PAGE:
ence cases. In September, during the
JENAM meeting in Vienna, there will be a
major workshop \u201cScience with the E-ELT\u201d
(seeht t p: //w w w.e s o.o r g /s c i /\ue001 a c i l i t i e s /e e l t /

science/meetings/jenam08/). Two work-

shops are being prepared \ue001or next year.
The \ue000rst, in March 2009, is organised
together with the ALMA, GMT and TMT
projects (see announcement on page 65).
The aim is to explore the synergies be-
tween ALMA and the up-coming giant
optical and near-in\ue001rared telescopes. The
second workshop (May 2009) will be
dedicated to the DRM and DRSP work in
the \ue001rame o\ue001 the FP7 activities.

Telescope design

The design activities undertaken by in-
dustry as part o\ue001 the Phase B, and their
impact o\ue001 the current version o\ue001 the BRD,
are described in the \ue001ollowing sections.
One signi\ue000cant evolution o\ue001 the \ue000ve-mirror
design (see Gilmozzi & Spyromilio, 2007)
has been the movement o\ue001 the tertiary
mirror \ue001rom below the primary mirror to
the same level. This change was made to

improve the ventilation o\ue001 the tertiary mir- ror. As a by-product the secondary mirror has become slightly smaller in diameter

(now 6 m rather than 6.2 m). The adaptive

quaternary mirror has increased slightly
in diameter, thereby marginally improving
its per\ue001ormance.

Industrial activities
Immediately a\ue001ter the approval by the
ESO Council, a set o\ue001 contracts were
tendered to validate the BRD \ue001or the tele-

scope and to explore the expertise in
industry regarding the construction o\ue001
such massive structures. The general
policy has been to let two contracts to
study a speci\ue000c subsystem o\ue001 the tele-
scope, thus allowing di\ue001\ue001erent options to
be explored whenever possible.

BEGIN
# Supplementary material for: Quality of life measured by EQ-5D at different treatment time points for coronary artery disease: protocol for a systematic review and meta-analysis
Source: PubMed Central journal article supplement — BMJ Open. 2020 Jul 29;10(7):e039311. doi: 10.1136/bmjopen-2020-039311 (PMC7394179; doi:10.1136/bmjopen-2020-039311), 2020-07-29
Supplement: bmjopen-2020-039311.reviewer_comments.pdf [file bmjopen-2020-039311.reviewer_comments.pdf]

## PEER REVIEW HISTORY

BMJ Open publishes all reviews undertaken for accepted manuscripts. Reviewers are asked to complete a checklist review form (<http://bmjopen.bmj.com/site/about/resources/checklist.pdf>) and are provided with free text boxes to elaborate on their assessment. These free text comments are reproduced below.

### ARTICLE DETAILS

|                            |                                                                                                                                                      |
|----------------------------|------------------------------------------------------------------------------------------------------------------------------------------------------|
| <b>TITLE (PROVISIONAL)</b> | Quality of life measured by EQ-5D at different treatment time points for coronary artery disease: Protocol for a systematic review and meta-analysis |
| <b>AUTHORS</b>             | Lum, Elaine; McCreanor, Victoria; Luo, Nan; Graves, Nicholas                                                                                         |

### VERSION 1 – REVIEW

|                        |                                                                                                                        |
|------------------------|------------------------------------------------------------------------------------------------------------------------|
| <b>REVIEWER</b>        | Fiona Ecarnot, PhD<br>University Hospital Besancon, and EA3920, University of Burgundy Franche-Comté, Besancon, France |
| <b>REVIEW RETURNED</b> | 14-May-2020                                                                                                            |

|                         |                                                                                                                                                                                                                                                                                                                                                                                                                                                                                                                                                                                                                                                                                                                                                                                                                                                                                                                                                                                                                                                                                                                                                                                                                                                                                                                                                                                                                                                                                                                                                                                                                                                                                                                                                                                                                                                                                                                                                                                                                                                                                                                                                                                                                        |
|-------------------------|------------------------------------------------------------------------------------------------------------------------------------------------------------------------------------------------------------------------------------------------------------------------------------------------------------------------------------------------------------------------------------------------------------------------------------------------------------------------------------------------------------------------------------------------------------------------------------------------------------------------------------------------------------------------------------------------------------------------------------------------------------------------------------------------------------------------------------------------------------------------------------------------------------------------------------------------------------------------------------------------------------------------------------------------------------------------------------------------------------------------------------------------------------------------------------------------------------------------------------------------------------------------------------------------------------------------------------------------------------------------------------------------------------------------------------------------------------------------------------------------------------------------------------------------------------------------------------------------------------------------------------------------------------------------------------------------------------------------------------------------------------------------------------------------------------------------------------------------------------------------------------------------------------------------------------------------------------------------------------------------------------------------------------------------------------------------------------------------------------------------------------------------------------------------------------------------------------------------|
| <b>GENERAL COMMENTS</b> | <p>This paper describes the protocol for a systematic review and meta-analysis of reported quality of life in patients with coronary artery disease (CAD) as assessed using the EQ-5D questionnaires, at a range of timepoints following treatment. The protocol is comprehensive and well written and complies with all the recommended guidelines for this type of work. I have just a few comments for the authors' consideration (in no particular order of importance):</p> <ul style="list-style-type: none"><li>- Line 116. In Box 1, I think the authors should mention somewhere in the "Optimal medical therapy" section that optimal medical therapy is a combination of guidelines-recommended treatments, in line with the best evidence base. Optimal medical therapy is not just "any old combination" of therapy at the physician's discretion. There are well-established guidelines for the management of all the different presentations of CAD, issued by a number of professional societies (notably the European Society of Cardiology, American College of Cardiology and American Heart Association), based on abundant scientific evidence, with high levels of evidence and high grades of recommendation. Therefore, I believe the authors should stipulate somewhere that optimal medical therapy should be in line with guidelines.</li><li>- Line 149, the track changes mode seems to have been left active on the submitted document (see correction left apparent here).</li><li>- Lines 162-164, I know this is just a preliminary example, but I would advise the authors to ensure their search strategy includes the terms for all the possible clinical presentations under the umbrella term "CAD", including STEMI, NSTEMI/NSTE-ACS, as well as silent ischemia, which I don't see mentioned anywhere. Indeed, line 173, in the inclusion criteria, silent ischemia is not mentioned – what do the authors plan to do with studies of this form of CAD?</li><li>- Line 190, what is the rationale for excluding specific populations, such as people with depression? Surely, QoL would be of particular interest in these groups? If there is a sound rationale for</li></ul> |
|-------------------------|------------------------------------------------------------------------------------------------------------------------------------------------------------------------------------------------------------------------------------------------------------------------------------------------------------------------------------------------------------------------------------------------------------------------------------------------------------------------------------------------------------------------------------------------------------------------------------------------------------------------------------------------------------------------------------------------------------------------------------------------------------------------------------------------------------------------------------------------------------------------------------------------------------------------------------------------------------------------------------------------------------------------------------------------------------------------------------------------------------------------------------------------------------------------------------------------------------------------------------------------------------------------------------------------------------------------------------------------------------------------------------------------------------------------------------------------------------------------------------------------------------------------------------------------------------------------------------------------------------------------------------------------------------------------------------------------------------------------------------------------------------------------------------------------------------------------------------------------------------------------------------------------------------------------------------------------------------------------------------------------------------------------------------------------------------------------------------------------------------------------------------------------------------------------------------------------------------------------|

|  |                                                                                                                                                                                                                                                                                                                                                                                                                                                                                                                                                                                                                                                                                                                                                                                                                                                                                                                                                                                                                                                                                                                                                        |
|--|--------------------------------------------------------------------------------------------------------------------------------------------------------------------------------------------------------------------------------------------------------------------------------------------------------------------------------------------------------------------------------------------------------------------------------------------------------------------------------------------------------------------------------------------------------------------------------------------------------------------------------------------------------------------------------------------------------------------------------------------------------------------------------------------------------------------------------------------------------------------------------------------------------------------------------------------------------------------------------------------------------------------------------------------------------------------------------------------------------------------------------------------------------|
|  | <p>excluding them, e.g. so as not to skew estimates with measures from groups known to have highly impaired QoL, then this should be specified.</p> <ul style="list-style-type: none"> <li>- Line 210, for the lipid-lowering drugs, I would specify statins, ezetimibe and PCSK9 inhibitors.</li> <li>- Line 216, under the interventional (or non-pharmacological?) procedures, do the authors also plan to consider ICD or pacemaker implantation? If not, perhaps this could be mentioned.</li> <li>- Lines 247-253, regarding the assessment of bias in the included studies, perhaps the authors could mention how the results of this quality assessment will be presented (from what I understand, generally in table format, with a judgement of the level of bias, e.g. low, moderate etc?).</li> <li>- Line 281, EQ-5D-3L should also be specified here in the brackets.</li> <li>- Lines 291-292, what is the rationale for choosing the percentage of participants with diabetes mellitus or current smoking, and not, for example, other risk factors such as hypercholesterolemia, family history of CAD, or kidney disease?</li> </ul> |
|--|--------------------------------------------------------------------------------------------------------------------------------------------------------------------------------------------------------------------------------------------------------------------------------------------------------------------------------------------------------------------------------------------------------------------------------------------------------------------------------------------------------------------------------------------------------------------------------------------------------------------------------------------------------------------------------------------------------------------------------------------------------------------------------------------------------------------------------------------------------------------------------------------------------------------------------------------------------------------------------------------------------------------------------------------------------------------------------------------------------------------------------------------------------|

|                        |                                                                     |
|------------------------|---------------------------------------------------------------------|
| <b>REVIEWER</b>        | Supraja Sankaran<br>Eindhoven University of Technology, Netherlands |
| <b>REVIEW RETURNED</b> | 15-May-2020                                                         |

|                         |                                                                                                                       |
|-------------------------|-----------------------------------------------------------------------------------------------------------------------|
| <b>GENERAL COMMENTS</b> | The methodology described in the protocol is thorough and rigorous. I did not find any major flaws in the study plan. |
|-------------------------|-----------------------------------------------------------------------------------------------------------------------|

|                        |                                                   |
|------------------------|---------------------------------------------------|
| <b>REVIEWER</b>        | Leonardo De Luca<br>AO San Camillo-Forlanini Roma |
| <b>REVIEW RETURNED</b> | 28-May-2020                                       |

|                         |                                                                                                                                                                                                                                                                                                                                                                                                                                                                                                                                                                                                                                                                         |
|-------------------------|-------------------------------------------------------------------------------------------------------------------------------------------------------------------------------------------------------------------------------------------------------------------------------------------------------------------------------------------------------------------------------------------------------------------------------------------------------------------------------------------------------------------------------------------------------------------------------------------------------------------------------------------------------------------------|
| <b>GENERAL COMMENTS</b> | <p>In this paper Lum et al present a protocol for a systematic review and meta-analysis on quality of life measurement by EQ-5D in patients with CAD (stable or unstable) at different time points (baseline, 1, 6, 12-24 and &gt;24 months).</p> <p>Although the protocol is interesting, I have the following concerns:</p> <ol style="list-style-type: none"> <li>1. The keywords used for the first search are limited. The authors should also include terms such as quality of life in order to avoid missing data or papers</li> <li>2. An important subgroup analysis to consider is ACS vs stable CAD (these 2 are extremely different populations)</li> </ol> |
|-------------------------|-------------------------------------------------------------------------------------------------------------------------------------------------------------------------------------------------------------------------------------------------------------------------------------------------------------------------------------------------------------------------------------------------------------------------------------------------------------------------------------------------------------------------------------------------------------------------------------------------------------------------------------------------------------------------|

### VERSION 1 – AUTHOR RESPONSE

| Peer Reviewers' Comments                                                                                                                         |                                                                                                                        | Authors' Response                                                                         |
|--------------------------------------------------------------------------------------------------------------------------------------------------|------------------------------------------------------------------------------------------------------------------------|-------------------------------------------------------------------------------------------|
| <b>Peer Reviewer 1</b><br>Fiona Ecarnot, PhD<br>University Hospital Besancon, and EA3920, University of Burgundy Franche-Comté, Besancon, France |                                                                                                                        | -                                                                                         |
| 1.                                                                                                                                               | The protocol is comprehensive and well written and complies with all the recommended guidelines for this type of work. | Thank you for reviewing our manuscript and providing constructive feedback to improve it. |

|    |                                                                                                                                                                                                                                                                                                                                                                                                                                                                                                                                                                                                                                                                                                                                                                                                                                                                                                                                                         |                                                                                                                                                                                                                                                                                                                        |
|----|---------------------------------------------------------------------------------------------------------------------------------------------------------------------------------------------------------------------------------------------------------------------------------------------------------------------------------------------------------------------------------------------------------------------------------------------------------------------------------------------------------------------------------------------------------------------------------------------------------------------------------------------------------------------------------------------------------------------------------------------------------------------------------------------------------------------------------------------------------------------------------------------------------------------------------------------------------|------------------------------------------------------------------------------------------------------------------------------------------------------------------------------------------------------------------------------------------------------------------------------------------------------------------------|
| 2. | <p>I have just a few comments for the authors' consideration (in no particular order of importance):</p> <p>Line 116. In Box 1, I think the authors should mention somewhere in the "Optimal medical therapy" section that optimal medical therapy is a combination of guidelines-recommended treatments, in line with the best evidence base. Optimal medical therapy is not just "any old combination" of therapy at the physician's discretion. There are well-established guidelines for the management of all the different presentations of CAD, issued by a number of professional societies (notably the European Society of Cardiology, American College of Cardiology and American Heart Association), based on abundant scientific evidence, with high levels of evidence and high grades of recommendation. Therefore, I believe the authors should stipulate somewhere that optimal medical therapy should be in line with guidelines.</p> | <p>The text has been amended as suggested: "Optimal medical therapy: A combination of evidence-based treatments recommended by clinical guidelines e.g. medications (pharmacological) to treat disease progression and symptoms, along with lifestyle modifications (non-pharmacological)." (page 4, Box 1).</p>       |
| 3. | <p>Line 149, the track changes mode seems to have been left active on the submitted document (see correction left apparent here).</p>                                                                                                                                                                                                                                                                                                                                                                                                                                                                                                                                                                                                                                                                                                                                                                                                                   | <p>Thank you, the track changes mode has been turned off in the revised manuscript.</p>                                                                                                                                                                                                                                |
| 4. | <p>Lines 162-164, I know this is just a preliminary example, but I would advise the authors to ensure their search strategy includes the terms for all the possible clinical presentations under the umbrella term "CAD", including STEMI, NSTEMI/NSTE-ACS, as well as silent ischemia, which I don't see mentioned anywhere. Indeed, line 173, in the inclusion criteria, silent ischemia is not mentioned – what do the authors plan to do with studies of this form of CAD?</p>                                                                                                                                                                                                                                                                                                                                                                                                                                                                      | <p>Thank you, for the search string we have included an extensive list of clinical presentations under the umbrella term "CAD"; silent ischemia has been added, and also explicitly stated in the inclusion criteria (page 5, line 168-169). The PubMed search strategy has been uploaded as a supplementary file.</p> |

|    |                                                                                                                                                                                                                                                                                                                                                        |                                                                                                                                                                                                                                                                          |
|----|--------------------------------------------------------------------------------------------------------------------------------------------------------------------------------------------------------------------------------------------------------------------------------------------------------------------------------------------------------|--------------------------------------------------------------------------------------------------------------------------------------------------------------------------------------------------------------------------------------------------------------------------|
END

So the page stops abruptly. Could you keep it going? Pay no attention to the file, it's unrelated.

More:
By May 2007 two contracts had been
placed \ue001or the validation o\ue001 the telescope
main structure design as proposed by

3
The Messenger 133 \u2013 September 2008

ESO. The contracts included the study o\ue001
the industrialisation o\ue001 the concept, cost
estimates and construction schedules.
We encouraged the suppliers to consider
variations on the design. Both these de-

sign contracts have now been concluded.
The contractors considered variants on
the ESO baseline and proposed alterna-
tives that appear to per\ue001orm better and
are estimated to be cheaper to manu\ue001ac-
ture. The ESO design team has adopted
these ideas and the new baseline tele-
scope main structure appears signi\ue000cant-
ly di\ue001\ue001erent to the original concept (see
Gilmozzi & Spyromilio, 2007). Instead o\ue001
\ue001our cradles supporting the primary mir-
ror, only two are now seen as necessary
to provide the required sti\ue001\ue001ness. By re-
moving a signi\ue000cant \ue001raction o\ue001 the mass
\ue001rom below the telescope, the mount bal-
ances naturally, alleviating the necessity
o\ue001 signi\ue000cant additional mass in the upper
parts o\ue001 the telescope (see Figure 1). This
change has increased the overall per\ue001orm-
ance o\ue001 the telescope and the \ue000rst eigen-
\ue001requency o\ue001 the structure is now around
2.6 Hz. The reduction in moving mass is
also an overall cost saver, both in quantity
o\ue001 steel and in all the associated hard-

ware.

The design \ue001or the telescope mount has
been extensively analysed using Finite
Element Models and \ue001airly sophisticated
control simulations (see Figure 2). Al-
though the role o\ue001 the mount may be sim-
pli\ue000ed to \u201cKeep the primary pointing at
the right place on the sky, and the other

mirrors at each other (sequentially)\u201d, not

only is this a non-trivial problem but the
optimisation o\ue001 the design can lead to
signi\ue000cant cost savings in other subsys-
tems. For example, the range o\ue001 the actu-
ators \ue001or the primary mirror is directly

related to the extent to which the cell will de\ue001orm as the telescope is inclined \ue001rom the zenith towards the horizon.

Around the same time as the call \ue001or con-
tracts \ue001or the telescope main structure,
two contracts were placed \ue001or a prelimi-
nary design o\ue001 the telescope dome. The
companies that provided the best bids in

response to the ESO tenders were new to
telescope enclosure design, but brought

their expertise in the design and construc-
tion o\ue001 enormous buildings, and in par-
ticular sports stadia, to bear. The E-ELT
dome will be o\ue001 similar size to that o\ue001

Figure 2 (below).A

Finite Element Model o\ue001
the E-ELT main struc-
ture is shown. The di\ue001\ue001er-
ent coloured compo-
nents encode di\ue001\ue001erent
cross sections o\ue001 the
structural elements.

Figure 1 (above).A CA D

rendering o\ue001 the E-ELT
Baseline Re\ue001erence
Design version 2 \ue001or the
telescope and mount.